February 14, 2005
Brian Hageman has devoted a good part of his life to building nuclear power plants. Now he is ready to commercialize a new type of engine that could drastically reduce the need for electricity — and save money in the process.
Hageman is president and chief executive of Deluge, a Phoenix-based company that is preparing to bring its thermal hydraulic engine to the marketplace.
Ten manufactured prototypes of the engine, which convert heat energy to mechanical energy without combustion, will be used to drive pumps at an old oil field on the Kansas-Missouri border beginning next month. The technology is ready for more extensive use after being tested last year at a U.S. Department of Energy research center at the old Teapot Dome oil field in Wyoming.
Hageman also sees a bright future for his patented engines in the desalination of sea water and compression of Freon for air conditioning. Both use large amounts of electricity and would benefit from lower energy costs.
He has even proposed a grand vision to the U.S. Department of the Interior to take water from the Sea of Cortez in Mexico, remove the salt and pump the fresh liquid uphill to the Valley to provide a new source of water to thirsty Arizona by 2020.
"This technology is the key to making it economical," he said.
The thermal hydraulic engine works on the principle that fluids expand when they are warmed, which creates a change in volume that can be used to displace a piston.
A working fluid — carbon dioxide that has been liquefied under high pressure inside a cylinder — is heated by circulating hot water through a heat exchanger. The liquid carbon dioxide expands as it is heated and pushes on a piston, creating the power to operate a pump. Cold water can then be pumped into the heat exchanger, causing the carbon dioxide to contract, pulling the piston back to its original position and preparing the cycle to begin again.
The hot water can be produced by solar, geothermal or other environmentally benign heat source without the use of electricity.
Hageman developed his first thermal hydraulic engine in his garage in 1984. It wasn’t much of a device, but he did prove it would move a shaft.
He formed Deluge in 1996 to commercialize the technology after a 10-year career as an engineer for the Bechtel Corp. on nuclear and other energy projects. His work gave him experience in highpressure design and construction, which helped him to design his engine.
"I was a typical entrepreneur and decided to pursue my dream," he said of his decision to start his own company.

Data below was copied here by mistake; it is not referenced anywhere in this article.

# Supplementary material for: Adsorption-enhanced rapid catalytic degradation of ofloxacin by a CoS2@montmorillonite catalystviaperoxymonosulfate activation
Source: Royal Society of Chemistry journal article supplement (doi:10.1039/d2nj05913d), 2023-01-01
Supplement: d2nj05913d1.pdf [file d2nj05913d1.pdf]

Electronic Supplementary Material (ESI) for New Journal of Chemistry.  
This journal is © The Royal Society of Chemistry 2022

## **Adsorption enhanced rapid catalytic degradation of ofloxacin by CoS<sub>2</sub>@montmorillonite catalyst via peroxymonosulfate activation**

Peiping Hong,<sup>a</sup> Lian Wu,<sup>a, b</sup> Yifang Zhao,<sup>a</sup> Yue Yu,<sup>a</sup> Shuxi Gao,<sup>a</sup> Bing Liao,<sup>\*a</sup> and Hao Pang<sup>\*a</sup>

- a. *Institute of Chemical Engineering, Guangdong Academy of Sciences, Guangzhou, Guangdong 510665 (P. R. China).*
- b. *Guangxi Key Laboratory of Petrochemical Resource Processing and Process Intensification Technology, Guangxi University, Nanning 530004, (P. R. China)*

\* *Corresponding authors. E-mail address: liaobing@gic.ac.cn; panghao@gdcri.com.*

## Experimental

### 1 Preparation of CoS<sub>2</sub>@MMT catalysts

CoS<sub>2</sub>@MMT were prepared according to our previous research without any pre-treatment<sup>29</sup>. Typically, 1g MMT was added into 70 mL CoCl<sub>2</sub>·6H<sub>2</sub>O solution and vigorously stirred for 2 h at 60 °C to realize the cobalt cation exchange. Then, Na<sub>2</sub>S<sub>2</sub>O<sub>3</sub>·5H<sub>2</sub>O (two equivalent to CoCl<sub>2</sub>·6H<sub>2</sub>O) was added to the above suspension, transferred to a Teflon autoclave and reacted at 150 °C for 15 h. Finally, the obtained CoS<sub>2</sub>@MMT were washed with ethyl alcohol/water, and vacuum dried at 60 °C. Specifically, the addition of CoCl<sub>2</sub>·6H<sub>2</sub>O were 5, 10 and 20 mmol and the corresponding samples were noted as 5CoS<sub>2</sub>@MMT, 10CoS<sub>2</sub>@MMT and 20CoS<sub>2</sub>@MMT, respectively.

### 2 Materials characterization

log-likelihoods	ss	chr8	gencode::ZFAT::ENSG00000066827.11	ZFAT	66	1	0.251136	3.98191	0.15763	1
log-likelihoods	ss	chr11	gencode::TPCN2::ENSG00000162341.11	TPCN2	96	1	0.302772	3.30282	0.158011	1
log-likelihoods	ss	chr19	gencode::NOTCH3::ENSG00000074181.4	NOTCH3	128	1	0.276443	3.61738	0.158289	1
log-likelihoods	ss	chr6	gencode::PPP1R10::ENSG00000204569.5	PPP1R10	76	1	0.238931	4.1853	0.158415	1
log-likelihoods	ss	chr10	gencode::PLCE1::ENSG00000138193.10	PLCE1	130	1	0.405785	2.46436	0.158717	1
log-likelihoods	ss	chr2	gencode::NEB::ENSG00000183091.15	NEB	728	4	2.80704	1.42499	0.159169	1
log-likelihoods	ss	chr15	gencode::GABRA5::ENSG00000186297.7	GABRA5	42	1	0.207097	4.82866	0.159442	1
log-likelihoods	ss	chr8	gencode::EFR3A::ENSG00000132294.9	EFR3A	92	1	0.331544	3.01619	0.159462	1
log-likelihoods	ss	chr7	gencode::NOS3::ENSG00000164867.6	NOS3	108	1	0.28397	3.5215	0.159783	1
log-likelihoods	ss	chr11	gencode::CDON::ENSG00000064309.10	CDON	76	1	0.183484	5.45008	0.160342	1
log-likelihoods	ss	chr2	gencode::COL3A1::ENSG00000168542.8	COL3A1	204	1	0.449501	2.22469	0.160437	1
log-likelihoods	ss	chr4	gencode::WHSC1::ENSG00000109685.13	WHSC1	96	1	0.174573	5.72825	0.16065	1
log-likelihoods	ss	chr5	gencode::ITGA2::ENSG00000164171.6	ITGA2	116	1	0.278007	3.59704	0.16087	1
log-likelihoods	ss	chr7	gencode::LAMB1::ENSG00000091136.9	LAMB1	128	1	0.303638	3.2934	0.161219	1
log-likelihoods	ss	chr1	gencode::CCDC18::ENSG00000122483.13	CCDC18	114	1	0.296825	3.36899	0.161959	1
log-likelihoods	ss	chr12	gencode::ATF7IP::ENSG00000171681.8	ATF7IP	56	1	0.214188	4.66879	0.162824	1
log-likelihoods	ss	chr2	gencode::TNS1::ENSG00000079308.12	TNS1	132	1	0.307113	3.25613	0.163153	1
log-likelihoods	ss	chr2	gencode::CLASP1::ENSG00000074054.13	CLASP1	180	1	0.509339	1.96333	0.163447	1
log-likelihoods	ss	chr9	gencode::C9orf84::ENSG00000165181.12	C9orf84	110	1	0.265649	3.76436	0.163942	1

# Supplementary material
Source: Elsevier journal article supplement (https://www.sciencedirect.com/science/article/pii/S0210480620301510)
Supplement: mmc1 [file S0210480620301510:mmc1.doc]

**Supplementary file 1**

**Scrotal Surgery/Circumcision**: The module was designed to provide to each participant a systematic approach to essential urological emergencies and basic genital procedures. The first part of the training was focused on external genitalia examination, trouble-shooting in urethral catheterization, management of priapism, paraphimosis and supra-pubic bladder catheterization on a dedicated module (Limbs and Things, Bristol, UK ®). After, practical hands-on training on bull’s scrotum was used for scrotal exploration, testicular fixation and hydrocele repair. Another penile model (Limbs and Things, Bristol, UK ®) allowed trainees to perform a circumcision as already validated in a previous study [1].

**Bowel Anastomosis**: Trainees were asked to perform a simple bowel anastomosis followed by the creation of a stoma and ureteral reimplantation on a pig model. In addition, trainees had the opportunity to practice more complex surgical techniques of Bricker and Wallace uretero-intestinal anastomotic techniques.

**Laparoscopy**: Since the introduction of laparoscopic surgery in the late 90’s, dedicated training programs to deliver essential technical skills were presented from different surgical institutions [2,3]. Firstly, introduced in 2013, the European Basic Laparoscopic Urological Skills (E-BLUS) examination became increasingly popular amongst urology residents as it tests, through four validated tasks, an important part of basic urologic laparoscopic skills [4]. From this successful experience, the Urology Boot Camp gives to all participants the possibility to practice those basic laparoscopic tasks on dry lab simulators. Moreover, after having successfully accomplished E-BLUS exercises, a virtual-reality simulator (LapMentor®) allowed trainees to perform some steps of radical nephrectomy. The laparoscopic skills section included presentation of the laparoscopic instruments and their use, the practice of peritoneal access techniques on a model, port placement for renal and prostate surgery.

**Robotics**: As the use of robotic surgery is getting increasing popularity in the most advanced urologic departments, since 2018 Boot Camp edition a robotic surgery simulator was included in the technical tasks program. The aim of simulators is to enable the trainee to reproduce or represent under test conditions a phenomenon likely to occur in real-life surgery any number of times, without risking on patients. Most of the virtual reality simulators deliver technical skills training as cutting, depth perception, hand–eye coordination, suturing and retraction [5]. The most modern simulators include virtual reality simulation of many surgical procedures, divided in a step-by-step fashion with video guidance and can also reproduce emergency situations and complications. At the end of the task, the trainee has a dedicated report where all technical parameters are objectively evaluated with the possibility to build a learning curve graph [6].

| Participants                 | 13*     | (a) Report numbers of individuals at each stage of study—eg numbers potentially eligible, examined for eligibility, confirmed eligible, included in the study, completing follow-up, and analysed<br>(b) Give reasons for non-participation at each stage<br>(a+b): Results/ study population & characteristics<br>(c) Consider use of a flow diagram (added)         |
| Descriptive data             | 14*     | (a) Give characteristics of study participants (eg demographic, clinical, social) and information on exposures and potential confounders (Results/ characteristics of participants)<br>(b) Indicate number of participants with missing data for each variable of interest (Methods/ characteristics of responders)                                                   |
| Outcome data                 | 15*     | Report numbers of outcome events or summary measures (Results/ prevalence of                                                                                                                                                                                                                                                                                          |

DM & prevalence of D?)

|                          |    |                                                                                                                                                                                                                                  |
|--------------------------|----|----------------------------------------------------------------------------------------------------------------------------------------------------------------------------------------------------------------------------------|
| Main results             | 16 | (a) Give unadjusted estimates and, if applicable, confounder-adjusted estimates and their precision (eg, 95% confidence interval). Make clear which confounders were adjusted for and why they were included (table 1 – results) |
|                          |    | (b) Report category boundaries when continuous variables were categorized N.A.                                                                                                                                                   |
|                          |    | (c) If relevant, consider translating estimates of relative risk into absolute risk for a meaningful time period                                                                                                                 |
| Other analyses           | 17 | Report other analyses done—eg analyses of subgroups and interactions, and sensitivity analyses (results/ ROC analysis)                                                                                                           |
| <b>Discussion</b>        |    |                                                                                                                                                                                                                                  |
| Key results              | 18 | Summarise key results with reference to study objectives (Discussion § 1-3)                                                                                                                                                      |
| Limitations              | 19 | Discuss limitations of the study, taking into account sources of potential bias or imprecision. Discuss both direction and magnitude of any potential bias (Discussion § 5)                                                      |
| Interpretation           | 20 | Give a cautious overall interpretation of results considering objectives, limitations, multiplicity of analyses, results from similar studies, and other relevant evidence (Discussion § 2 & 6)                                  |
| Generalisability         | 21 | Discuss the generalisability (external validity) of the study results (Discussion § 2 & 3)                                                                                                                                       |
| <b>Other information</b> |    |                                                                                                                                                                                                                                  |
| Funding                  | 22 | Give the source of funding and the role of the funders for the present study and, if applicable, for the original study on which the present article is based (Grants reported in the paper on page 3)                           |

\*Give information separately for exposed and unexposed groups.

Initially, Hageman thought the system would work best for pumping groundwater for agriculture (thus the name Deluge), and he got a permit to test his first unit at the University of Arizona experimental farm in the town of Maricopa. But he met a group of Wyoming business representatives at a trade show who asked him to develop a similar system to pump oil. And, with oil prices soaring, that appears to be the most commercially promising use for the technology, he said.
Because electricity can account for 30 percent or more of the cost of operating an oil well, the power-saving technology could allow the reopening of old oil fields that are too expensive to pump using conventional engines, he said.
In tests by the Rocky Mountain Oilfield Testing Center at Teapot Dome, a prototype Deluge engine operated a single well for 30 days using geothermal hot water.
In a report, the center said the technology could offer "significant" benefits for oil and gas production, especially because CO2 and hot and cold water are commonly found or can be produced in oil fields.
Also the engine’s "relatively small profile compared to typical field pumping units may provide a cost-effective alternative where limited space or esthetic concerns must be considered," the report said.
For the next step, production prototypes are being built by Prince Manufacturing Corp. in South Dakota for the Missouri project. Water will be heated using natural gas from the wells, which Hageman said will represent a minimal cost for energy. He figures the operating cost will be only 10 percent to 20 percent of a traditional well.
The operation also promises to bring Deluge its first revenue. Since its start, the company has been funded with about $8 million in "angel" investments from venture capitalists willing to bet the technology will pay off someday.
The company also plans to produce two prototype engines for water desalinization that could be tested this summer at the U.S. Bureau of Reclamation’s Water Quality Improvement Center in Yuma.
Large amounts of electricity are needed to pump salty water through reverse osmosis membranes, and a reduction in energy cost is the key to making the process economically viable. Using solar energy panels to heat the water allows the system to operate with one-tenth of the power of electric motors typically used for desalinization, Hageman said.
Pat Phelan, an associate professor in the Department of Mechanical and Aerospace Engineering at Arizona State University, who has tested a Deluge desalination engine using brackish water, said the process appears to be technically feasible although more testing is needed to determine its commercial viability. Still, the early results are encouraging, he said.
"What we found out is that the engine would work with lower-temperature water than what Deluge normally uses — as low as 125 degrees Fahrenheit — and it was still able to push water through the membrane," Phelan said. "That (temperature) is easily achievable with solar technology."
More information on the engine is available at www.delugeinc.com.